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Francis Jay Herron, a Union general, saw extensive service in Arkansas and Missouri during the early years of the Civil War. He later held various political posts in Reconstruction Louisiana before moving to New York City in 1877. He was one of four soldiers awarded the Medal of Honor for gallantry at the Battle of Pea Ridge in Arkansas.
Francis Herron, the third child of John and Clarissa Herron, was born in Pittsburgh, Pennsylvania, on February 17, 1837. He enrolled in Western University but left in 1855 to join his three brothers who had established a bank in Dubuque, Iowa. Four years later, Herron created and became captain of a local militia unit, the Governor’s Grays. On May 14, 1861, Herron’s unit joined the army as Company I, First Iowa Infantry. The ninety-day unit was roughly handled at the Battle of Wilson’s Creek, Missouri, on August 10, 1861, suffering 154 casualties. On August 20, 1861, the regiment mustered out of service, and Herron became lieutenant colonel of the Ninth Iowa Infantry on September 24, 1861.
Herron commanded the regiment on March 7, 1862, at the Battle of Pea Ridge. That evening, when the Federal position at Elkhorn Tavern was about to be outflanked, Herron repeatedly rallied his men to help stop the advance. Near the end of the fighting, Herron’s horse was shot from under him, and he was captured. His regiment suffered 218 casualties, which was the highest number of any Union unit in the battle. Herron was exchanged on March 20, 1862, and on July 16, 1862, he was promoted to brigadier general. Thirty-one years after the battle, the U.S. Congress, on September 26, 1893, awarded Herron the Medal of Honor for his heroism at Pea Ridge.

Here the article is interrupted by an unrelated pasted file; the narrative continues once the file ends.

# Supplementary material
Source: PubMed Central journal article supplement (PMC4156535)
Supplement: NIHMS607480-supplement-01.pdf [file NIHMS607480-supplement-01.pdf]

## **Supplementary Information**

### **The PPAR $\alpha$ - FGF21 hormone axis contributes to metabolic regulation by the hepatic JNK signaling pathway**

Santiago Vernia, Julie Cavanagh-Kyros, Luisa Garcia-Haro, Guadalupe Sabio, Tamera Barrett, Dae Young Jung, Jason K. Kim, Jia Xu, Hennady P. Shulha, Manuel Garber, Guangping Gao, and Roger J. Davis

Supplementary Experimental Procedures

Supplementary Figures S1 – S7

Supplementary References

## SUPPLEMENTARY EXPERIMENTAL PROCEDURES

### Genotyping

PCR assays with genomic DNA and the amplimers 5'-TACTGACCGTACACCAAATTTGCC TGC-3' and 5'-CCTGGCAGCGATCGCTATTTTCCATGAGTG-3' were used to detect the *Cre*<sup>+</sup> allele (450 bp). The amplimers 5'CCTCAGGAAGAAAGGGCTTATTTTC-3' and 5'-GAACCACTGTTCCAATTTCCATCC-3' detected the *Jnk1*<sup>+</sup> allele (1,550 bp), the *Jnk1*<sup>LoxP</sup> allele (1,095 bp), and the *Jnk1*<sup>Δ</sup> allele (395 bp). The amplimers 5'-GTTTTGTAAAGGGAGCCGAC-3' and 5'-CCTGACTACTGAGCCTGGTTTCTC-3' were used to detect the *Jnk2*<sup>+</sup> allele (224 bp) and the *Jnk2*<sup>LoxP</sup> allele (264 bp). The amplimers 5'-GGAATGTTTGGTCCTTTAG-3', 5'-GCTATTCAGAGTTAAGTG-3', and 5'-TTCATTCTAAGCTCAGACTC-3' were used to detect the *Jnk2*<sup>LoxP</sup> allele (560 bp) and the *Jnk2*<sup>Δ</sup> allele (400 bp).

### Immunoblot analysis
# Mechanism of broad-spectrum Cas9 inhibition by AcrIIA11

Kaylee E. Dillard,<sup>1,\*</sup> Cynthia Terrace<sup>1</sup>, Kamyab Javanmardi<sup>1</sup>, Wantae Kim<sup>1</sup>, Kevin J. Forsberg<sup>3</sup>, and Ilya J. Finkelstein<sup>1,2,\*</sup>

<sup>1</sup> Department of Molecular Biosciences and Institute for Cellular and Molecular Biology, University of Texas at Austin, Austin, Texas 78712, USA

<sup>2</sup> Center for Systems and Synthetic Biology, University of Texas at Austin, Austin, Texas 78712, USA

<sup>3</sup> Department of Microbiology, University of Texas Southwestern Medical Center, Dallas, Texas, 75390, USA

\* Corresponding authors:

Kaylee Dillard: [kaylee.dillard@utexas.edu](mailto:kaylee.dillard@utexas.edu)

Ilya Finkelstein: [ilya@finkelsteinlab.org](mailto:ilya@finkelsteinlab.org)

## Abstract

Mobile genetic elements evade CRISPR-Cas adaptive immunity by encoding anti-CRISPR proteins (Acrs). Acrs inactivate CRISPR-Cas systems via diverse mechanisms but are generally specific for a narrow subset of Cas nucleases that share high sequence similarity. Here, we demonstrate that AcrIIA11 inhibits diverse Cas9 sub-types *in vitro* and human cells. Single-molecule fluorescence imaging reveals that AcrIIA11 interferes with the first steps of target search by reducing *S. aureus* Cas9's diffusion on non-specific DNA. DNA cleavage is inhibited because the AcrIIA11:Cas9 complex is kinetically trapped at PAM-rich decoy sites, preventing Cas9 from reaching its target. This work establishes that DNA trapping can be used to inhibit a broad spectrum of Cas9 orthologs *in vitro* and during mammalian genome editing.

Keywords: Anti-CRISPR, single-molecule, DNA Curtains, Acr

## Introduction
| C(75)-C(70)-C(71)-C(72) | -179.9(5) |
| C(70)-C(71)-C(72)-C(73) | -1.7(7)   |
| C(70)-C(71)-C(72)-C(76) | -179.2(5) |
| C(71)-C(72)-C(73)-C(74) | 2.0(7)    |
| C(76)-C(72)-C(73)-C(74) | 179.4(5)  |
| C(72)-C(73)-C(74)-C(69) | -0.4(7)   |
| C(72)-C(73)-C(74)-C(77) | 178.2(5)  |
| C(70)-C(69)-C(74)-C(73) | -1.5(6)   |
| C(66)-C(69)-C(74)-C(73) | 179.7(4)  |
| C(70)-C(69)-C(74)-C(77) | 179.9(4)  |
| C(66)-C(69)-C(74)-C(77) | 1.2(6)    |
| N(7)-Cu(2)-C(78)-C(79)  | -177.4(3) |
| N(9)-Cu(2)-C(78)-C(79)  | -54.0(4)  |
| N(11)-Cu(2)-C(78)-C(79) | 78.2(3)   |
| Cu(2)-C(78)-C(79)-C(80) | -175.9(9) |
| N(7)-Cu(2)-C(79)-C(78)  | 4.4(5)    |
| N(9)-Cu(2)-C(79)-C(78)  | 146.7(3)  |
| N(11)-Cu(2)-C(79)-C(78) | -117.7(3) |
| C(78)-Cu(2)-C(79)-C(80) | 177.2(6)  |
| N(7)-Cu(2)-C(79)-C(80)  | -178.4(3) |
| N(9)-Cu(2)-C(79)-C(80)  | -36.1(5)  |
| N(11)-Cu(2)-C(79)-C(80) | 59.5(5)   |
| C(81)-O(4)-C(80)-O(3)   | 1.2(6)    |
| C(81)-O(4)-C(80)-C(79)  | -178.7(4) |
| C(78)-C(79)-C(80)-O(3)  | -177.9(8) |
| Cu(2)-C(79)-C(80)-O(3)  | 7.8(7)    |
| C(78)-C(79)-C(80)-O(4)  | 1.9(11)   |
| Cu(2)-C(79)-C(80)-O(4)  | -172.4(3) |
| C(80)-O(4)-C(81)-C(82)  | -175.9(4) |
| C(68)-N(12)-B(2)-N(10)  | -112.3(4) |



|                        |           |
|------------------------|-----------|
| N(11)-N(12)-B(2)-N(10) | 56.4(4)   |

On October 12, 1862, Herron assumed command of the Third Division of the Army of the Frontier. In early December, his division was near the old Wilson Creek battlefield when he received word that Brigadier General James G. Blunt’s division near Cane Hill (Washington County) would soon be facing seemingly overwhelming Confederate forces. Blunt needed help, and Herron responded immediately. On December 3, Herron’s division, and the Second Division that also was under his command, began moving southward. The two divisions contained about 4,000 infantry and 2,000 cavalry. During the next three and a half days, elements of Herron’s command marched almost 120 miles over bad roads and often in bitterly cold weather. It was one of the longest extended marches in the Civil War, and it saved Blunt from almost certain defeat.
On the morning of December 7, 1862, Herron began deploying his weary infantry near Prairie Grove (Washington County). He faced the bulk of the Rebel army, which had turned its attention from Blunt to Herron. Herron, though hard pressed and in danger of being defeated, managed to hold his ground until Blunt marched to his assistance that afternoon.
The fighting, which lasted about ten hours, made this one of the bloodiest days in the Trans-Mississippi West. The Confederates broke off the action after suffering almost 1,500 casualties out of a total force of 10,000. Union losses during the Battle of Prairie Grove were 1,250 out of about 8,000 engaged.
Herron was appointed major general on March 10, 1863, and subsequently commanded a division in the siege of Vicksburg, Mississippi. After the city surrendered, he served in Louisiana and Texas until the war ended.
Herron left the army on June 7, 1865. He settled in Louisiana, where he practiced law and became active in Reconstruction politics. He served as tax collector in New Orleans, U.S. marshal (1867–1869), and acting secretary of state (1871–1872). When Reconstruction ended and Republican power across the South waned, Herron moved to New York City in 1877. There, he practiced law and may have briefly engaged in banking and manufacturing. However, he succeeded at nothing and died a pauper in a tenement on West 99th Street on January 8, 1902.
For additional information:Banasik, Michael E. Embattled Arkansas: The Prairie Grove Campaign of 1862. Wilmington, NC: Broadfoot, 1996.
Shea, William L. Fields of Blood: The Prairie Grove Campaign. Chapel Hill: University of North Carolina Press, 2009.
Warner, Ezra. Generals in Blue. Baton Rouge: Louisiana State University Press, 1981.
Bobby RobertsCentral Arkansas Library System
Last Updated 2/10/2014
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